In summary, the endocannabinoid system plays a key role in regulating pain, and a large body of preclinical research supports the contention that cannabinoids and/or modulators of the endocannabinoid system are promising novel analgesic agents. Further clinical research and trials are warranted, alongside continued preclinical elucidation of targets, mechanisms and candidate drugs.
Häuser W, Finn DP, Kalso E, Krcevski-Skvarc N, Kress HG, Morlion B, Perrot S, Schäfer M, Wells C, Brill S (2018). European Pain Federation (EFIC) position paper on appropriate use of cannabis-based medicines and medical cannabis for chronic pain management. Eur J Pain. 22(9):1547-1564. doi: 10.1002/ejp.1297.
Starowicz K, Finn DP (2017). Cannabinoids and Pain: Sites and Mechanisms of Action. Adv Pharmacol., 80:437-475. doi: 10.1016/bs.apha.2017.05.003.
Woodhams SG, Chapman V, Finn DP, Hohmann AG, Neugebauer V (2017). The cannabinoid system and pain. Neuropharmacology, 124:105-120.
1Laura Bazzichi, 1Arianna Consensi, 1Camillo Giacomelli, 2Piercarlo Sarzi Puttini
1U.O. of Rheumatology, Pisa A.O.U.P, Pisa, Italy
2U.O. of Rheumatology, L. Sacco University Hospital, Milan, Italy
Fibromyalgia is a syndrome characterized by widespread pain, fatigue, sleep disturbances and a constellation of dysfunctional symptoms, which lead to poor quality of life and negative consequences for patients’ family and work life. People affected by fibromyalgia have no specific changes in blood and instrumental tests and there is no specific therapy for the disease. Patients easily develop adverse effects to drug therapies, hardly withstand physical therapies and even psychological therapies are not always readily available and specific.
Fibromyalgia syndrome appears to be a chronic disturbance characterized by central sensitization, whose typical clinical manifestations are hyperalgesia and allodynia, also associated with chronic peripheral stimuli. Among the various etiopathogenetic hypotheses formulated for fibromyalgia, alterations of the endocannabinoid and opioid systems probably play an important role. Both of these systems are activated primarily in conditions of cellular stress and in response to pain; they are interactive and changes in one of the two systems induce negative or positive feedback mechanisms in the other. Indeed, there is growing evidence on the positive effects of Cannabis Sativa for fibromyalgia, with effects on chronic pain, sleep, rigidity, gastrointestinal disorders and general well-being depending on different concentrations of its active ingredients (tetrahydrocannabinol and cannabidiol) and on the way of administration. On the contrary, treatment with strong opioids in fibromyalgia has proven to be a failure in the majority of cases, because of not only ineffectiveness, but also many adverse events, as for example the hyperalgic syndrome. Therefore, the use of opioids antagonists such as naltrexone may be promising. If used at low doses (1 to 5 mg), naltrexone has a neuroprotective effect, since it acts as a glial modulator, inhibiting microglial activation. Furthermore, it elicits the so-called rebound effect of the opioids, since a transitory block of the opioid receptor increases opioid endogenous production.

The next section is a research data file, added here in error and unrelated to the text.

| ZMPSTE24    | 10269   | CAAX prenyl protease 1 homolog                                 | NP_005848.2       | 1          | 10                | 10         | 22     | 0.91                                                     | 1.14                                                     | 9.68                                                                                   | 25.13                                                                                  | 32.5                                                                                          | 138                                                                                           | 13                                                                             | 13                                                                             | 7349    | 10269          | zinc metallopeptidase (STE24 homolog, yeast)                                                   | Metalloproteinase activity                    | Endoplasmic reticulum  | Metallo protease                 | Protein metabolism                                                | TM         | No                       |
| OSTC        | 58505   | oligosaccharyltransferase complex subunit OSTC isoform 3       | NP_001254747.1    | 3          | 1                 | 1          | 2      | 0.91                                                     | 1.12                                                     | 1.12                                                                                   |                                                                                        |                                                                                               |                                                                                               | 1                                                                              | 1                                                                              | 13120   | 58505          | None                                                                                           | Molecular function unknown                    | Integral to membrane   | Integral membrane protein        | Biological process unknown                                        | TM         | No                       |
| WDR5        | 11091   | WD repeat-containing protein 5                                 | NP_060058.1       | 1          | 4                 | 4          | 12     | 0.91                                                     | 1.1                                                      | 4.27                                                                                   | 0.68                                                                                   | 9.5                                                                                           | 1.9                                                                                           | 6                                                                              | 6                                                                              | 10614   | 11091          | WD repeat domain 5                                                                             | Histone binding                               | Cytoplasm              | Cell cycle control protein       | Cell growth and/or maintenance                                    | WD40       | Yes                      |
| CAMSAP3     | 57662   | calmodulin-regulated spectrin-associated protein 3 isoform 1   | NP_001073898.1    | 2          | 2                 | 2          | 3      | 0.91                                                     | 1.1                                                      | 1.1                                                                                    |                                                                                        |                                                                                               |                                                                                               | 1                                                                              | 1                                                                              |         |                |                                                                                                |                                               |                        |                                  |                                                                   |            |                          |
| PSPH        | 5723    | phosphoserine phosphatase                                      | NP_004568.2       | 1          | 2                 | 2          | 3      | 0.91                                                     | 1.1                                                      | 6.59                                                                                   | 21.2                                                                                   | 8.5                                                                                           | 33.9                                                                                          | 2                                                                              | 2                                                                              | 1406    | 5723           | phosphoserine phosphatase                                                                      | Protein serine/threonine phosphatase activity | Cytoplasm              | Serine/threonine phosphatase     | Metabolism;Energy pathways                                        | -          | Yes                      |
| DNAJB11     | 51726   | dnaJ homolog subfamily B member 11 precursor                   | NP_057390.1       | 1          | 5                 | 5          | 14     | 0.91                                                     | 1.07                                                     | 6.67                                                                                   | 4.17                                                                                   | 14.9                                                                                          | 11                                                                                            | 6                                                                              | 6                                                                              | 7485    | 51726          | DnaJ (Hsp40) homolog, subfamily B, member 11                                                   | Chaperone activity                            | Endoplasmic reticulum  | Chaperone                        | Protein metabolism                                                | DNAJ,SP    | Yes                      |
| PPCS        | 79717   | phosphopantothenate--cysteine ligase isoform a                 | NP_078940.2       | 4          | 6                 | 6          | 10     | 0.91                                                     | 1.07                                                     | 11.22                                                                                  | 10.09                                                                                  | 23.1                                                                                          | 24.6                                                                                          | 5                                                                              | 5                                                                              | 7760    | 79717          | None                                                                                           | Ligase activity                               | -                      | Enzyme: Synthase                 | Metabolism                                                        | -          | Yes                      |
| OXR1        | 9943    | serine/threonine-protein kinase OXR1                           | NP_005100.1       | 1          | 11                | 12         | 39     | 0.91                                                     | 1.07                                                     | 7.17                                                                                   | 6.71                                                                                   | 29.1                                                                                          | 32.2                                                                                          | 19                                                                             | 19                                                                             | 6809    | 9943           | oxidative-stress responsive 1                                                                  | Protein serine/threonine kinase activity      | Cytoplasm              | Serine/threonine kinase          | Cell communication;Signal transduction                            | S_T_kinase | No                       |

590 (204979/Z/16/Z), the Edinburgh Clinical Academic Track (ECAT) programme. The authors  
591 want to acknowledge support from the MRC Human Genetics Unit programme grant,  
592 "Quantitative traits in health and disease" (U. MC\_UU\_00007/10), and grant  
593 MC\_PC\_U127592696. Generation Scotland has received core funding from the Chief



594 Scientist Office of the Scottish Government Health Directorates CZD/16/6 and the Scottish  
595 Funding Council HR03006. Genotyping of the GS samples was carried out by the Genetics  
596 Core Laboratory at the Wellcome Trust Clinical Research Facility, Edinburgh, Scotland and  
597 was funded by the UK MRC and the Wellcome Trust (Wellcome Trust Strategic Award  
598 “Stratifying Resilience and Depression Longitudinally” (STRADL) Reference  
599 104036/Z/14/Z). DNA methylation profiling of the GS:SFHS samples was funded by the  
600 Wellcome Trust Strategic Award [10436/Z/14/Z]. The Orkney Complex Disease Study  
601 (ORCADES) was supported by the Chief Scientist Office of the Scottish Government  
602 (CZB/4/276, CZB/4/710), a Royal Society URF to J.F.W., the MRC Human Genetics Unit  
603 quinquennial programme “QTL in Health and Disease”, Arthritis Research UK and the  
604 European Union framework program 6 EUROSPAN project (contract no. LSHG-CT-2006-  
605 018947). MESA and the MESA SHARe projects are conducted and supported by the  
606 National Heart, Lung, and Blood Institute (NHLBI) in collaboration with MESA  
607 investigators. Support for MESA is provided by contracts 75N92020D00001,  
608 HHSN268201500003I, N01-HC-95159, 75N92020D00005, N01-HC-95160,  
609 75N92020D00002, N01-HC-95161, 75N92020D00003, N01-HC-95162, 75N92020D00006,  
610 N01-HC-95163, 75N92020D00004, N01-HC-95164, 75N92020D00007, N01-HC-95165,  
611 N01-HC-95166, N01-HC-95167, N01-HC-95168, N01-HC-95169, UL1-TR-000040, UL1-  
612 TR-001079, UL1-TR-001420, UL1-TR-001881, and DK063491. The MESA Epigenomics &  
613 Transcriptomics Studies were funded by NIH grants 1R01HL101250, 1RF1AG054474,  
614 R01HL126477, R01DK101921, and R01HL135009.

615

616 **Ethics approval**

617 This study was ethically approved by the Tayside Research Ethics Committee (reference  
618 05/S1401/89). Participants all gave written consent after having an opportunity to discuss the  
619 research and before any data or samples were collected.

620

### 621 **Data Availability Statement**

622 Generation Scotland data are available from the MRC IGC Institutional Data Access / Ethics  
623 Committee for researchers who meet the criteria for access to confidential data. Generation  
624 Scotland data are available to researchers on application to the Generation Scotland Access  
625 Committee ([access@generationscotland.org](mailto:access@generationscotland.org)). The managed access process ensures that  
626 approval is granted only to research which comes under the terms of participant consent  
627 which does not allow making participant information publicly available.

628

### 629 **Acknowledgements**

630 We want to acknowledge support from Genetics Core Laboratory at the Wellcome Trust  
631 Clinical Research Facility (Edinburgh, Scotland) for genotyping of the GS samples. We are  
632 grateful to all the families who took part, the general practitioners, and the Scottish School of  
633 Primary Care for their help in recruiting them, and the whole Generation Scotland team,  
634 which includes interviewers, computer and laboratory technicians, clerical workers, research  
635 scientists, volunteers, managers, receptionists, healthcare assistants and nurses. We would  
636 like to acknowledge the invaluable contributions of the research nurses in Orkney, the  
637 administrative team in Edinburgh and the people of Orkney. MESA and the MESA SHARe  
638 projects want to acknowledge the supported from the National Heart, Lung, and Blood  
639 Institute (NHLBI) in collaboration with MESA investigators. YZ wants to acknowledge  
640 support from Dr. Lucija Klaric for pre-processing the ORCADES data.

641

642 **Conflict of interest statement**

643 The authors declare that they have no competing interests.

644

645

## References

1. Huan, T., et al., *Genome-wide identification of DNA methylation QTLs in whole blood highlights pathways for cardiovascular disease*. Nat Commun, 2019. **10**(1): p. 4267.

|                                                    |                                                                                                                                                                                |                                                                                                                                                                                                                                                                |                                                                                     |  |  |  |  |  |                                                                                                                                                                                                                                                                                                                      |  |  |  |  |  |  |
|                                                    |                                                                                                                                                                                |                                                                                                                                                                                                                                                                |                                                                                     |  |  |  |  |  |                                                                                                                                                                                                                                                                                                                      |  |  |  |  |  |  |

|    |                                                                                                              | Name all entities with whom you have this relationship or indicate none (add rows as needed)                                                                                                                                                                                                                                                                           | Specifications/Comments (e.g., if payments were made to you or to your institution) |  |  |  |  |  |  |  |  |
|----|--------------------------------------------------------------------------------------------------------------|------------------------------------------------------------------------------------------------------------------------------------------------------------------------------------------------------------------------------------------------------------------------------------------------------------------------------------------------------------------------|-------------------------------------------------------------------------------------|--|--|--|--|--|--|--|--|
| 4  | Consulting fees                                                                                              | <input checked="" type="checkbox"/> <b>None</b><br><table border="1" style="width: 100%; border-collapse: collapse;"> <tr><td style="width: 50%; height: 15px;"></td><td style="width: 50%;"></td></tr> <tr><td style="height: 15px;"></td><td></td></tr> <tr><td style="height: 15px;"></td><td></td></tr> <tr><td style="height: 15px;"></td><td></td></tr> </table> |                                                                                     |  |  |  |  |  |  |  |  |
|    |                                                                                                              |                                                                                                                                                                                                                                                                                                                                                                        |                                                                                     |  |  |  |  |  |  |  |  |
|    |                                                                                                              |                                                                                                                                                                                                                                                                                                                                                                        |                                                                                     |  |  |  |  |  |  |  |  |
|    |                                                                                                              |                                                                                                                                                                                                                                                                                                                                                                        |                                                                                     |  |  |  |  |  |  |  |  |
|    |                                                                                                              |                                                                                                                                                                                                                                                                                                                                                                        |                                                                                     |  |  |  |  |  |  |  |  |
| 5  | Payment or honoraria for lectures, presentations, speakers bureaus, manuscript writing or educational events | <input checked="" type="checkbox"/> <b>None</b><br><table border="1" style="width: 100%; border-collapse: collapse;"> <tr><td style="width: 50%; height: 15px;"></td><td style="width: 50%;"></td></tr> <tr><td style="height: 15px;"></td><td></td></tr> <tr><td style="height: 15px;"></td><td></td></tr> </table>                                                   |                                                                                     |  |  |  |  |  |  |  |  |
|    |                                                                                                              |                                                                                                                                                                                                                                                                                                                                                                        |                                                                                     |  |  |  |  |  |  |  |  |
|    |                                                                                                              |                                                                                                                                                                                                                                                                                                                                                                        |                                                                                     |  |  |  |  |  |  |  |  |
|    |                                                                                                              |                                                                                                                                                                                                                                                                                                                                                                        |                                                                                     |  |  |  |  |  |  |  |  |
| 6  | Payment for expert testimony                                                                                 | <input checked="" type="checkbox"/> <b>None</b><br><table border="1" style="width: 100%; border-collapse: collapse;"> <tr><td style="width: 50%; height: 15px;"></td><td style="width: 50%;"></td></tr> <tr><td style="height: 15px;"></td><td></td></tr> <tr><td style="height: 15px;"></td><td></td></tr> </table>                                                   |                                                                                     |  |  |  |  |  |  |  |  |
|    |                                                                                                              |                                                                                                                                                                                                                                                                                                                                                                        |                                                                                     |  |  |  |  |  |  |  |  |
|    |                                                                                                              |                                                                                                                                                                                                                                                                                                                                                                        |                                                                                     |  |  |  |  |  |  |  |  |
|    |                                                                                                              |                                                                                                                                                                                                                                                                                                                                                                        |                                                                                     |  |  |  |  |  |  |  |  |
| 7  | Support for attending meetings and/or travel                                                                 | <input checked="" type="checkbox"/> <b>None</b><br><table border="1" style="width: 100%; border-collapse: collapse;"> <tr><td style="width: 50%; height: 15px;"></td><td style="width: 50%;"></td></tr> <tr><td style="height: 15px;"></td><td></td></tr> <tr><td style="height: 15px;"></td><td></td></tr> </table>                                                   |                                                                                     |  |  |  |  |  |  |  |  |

1)Sarzi-Puttini P et al :Medical cannabis and cannabinoids in rheumatology: where are we now?.Expert Rev Clin Immunol. 2019 Oct; 15(10):1019-1032
2)Arnold LM et al. AAPT Diagnostic Criteria for Fibromyalgia.J Pain. 2019 Jun;20(6):611-628. Review.
3)Ngian GS et Al.The use of opioids in fibromyalgia. Int J Rheum Dis. 2011 Feb;14(1):6-11. Review.
4)Patten DK et Al: The Safety and Efficacy of Low-Dose Naltrexone in the Management of Chronic Pain and Inflammation in Multiple Sclerosis, Fibromyalgia, Crohn’s Disease, and Other Chronic Pain Disorders. Pharmacotherapy. 2018 Mar;38(3):382-389.
Howard Amital MD MHA
Department of Medicine ‘B’, Zabludowicz Center for Autoimmune Diseases, Sheba Medical Center, Tel-Hashomer, Ramat-Gan, Israel
During the last century, the history of cannabis has been rewritten several times; the once commonly used natural remedy had been criminalized, faded into oblivion, resurrected and undergone a recent interesting process of medicalization.
In several countries, Health ministries legislated paths for legal permits for the use of cannabis to many patients, primarily to patients suffering from continuous and troublesome pain.
Recent retrospective analyses had marked an impressive effect of cannabis extracts used either by smoking, inhalation or sublingually on many functional, mental and pain parameters. These interesting results are even more challenging given the borderline outcomes of the current medical agents that had been approved by the FDA and EMEA. Of course the need for properly designed prospective studies are in need; it seems that such studies are pending and will contribute to the harnessing of cannabis for medical use.
Rheumatological Clinic, Università politecnica delle Marche, Ospedale “Carlo Urbani”, Jesi (Ancona), Italy.